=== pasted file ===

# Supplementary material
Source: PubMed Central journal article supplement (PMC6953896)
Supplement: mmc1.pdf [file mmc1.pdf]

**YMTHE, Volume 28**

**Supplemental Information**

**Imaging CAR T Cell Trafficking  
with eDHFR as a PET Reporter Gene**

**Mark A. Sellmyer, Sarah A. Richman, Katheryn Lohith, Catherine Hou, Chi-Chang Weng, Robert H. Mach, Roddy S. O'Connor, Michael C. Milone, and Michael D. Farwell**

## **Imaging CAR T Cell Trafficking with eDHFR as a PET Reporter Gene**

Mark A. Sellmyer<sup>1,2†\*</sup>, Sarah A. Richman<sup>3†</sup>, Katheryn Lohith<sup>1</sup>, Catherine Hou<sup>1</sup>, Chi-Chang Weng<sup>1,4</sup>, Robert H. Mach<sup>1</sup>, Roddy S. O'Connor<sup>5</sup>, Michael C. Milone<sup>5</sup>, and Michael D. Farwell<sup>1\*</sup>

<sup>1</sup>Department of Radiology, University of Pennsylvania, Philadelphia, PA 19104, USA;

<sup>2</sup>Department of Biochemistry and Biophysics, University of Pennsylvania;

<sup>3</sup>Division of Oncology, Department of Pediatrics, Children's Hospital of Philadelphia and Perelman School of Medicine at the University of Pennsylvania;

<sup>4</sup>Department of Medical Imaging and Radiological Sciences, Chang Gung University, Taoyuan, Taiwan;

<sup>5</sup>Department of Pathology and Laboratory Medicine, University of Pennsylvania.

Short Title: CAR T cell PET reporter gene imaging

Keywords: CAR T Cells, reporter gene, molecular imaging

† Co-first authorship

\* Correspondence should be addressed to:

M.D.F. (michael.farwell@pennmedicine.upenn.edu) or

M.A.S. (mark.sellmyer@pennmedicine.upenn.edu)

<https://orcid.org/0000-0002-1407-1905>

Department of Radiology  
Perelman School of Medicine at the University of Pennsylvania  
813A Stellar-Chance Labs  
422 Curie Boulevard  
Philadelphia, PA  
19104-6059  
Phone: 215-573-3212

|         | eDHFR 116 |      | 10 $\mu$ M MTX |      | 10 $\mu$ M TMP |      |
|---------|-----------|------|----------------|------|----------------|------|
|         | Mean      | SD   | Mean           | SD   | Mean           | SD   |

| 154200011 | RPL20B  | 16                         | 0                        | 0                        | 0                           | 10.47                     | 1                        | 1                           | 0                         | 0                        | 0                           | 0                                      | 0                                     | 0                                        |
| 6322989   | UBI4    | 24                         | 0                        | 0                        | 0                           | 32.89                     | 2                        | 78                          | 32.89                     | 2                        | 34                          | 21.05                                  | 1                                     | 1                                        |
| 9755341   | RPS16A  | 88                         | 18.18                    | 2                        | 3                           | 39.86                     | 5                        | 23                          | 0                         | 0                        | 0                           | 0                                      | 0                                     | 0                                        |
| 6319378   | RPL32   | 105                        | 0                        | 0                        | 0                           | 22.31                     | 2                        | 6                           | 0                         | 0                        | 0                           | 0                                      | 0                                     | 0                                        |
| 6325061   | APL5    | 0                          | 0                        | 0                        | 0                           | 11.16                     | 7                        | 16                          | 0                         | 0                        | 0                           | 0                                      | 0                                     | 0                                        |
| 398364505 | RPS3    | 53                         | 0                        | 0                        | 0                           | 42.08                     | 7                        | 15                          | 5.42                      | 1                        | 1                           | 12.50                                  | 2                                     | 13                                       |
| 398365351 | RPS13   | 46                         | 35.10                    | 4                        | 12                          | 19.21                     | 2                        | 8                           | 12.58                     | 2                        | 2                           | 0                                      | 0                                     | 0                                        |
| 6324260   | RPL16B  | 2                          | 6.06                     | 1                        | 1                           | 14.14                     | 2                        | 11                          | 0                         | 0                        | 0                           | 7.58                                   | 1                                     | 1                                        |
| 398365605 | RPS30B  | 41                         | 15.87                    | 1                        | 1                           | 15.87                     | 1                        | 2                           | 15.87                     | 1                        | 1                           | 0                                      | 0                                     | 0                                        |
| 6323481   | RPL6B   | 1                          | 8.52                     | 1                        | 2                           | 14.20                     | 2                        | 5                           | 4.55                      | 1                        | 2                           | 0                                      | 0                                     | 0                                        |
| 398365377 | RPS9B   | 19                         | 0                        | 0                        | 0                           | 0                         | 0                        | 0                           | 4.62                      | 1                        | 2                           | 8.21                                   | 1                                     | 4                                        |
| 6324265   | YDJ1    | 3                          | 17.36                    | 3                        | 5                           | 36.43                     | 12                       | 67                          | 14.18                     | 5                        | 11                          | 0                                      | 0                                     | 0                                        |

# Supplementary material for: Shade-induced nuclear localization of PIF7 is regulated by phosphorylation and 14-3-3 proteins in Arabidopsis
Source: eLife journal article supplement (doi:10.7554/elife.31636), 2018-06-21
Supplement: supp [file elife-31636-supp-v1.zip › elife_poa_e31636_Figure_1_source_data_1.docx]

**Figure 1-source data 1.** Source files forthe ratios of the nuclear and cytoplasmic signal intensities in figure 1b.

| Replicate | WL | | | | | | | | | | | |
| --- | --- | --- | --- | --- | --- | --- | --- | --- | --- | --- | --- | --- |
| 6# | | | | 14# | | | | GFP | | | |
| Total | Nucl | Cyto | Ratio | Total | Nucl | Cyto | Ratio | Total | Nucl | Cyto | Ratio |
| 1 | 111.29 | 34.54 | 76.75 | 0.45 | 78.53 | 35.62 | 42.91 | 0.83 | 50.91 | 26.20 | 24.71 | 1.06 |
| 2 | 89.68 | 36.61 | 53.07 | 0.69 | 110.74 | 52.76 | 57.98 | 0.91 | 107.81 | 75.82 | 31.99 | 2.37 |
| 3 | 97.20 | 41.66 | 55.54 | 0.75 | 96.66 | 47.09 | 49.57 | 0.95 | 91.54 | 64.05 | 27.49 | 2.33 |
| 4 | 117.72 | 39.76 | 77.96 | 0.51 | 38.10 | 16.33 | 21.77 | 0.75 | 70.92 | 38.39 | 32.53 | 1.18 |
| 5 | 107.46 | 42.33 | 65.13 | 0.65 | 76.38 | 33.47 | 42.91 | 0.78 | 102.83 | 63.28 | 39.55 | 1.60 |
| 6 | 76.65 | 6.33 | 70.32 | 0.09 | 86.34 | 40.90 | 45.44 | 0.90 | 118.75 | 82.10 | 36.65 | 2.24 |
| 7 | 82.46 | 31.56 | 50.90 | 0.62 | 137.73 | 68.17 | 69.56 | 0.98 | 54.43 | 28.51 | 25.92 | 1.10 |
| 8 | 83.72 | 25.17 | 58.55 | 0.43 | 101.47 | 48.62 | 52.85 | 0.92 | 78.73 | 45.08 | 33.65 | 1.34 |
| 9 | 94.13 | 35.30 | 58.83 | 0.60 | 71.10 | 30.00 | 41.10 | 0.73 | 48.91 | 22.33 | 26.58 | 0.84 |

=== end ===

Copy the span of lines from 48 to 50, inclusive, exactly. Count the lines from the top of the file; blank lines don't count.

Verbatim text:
**Figure 1-source data 1.** Source files forthe ratios of the nuclear and cytoplasmic signal intensities in figure 1b.

| Replicate | WL | | | | | | | | | | | |
| --- | --- | --- | --- | --- | --- | --- | --- | --- | --- | --- | --- | --- |